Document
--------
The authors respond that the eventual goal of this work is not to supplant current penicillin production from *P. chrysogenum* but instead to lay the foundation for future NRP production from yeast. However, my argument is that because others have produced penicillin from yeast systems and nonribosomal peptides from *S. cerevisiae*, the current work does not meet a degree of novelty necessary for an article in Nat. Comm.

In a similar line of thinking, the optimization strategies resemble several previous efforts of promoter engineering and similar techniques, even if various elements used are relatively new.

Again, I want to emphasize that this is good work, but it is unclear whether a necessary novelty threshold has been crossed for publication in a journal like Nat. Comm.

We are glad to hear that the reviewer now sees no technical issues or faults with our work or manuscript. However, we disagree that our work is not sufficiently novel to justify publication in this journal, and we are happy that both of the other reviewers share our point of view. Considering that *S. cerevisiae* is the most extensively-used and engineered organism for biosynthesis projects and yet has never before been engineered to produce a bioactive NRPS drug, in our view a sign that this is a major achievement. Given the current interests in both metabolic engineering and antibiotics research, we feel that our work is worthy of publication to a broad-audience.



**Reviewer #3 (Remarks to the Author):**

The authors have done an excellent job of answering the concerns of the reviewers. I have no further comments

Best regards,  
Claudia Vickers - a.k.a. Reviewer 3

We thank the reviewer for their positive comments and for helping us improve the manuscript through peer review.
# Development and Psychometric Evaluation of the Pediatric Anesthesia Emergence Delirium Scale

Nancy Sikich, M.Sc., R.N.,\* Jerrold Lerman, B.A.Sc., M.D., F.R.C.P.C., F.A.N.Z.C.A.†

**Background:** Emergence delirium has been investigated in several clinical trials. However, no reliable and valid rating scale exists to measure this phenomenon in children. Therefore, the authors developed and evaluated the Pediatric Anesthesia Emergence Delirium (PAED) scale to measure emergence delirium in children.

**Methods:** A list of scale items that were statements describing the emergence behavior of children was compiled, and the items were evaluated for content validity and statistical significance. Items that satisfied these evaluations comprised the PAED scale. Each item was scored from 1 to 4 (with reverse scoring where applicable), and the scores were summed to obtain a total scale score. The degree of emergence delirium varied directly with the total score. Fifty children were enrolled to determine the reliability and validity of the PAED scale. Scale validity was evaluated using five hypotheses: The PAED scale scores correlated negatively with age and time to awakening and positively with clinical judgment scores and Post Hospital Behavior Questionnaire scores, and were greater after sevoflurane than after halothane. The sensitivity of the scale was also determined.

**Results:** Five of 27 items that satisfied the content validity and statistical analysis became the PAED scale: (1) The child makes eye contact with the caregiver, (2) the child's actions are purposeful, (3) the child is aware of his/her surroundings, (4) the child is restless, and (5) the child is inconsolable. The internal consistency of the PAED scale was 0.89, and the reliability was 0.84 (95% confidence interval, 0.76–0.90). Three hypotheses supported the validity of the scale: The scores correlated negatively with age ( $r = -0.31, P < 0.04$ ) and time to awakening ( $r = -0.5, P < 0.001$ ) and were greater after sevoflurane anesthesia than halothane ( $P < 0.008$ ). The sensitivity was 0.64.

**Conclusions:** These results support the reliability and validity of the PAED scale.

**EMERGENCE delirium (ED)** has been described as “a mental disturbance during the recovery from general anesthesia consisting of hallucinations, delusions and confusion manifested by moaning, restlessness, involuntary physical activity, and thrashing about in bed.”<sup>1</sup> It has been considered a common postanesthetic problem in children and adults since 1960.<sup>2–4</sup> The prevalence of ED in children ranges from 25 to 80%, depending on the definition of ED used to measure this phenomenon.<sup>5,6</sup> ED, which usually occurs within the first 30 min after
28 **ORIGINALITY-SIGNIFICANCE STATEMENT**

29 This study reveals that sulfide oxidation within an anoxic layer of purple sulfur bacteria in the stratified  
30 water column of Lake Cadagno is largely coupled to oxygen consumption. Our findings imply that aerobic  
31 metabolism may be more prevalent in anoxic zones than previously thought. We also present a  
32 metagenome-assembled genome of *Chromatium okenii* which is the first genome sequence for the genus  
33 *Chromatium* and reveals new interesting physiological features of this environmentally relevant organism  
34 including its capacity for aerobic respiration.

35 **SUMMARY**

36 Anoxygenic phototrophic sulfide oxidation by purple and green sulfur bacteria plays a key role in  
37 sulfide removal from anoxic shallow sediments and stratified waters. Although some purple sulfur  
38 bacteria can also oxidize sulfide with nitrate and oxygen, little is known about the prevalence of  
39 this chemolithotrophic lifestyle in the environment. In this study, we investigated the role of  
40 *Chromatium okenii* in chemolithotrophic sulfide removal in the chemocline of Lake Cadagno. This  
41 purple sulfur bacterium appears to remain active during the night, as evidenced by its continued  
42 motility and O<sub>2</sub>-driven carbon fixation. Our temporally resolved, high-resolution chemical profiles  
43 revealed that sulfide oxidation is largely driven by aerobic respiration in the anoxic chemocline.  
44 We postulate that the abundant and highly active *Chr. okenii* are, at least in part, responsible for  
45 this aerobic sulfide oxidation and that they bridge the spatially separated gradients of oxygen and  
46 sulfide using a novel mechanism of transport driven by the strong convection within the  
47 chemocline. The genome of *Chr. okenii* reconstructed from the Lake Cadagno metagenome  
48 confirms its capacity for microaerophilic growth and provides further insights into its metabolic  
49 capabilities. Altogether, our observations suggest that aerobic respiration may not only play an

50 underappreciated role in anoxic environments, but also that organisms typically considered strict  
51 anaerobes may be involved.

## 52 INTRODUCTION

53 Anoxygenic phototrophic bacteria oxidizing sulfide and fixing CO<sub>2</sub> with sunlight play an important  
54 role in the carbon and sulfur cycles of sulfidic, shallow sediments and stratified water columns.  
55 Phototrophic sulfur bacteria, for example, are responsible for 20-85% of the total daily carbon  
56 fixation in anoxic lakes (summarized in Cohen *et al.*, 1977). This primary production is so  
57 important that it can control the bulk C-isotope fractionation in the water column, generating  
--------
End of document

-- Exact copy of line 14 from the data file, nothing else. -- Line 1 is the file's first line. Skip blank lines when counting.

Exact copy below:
**Results:** Five of 27 items that satisfied the content validity and statistical analysis became the PAED scale: (1) The child makes eye contact with the caregiver, (2) the child's actions are purposeful, (3) the child is aware of his/her surroundings, (4) the child is restless, and (5) the child is inconsolable. The internal consistency of the PAED scale was 0.89, and the reliability was 0.84 (95% confidence interval, 0.76–0.90). Three hypotheses supported the validity of the scale: The scores correlated negatively with age ( $r = -0.31, P < 0.04$ ) and time to awakening ( $r = -0.5, P < 0.001$ ) and were greater after sevoflurane anesthesia than halothane ( $P < 0.008$ ). The sensitivity was 0.64.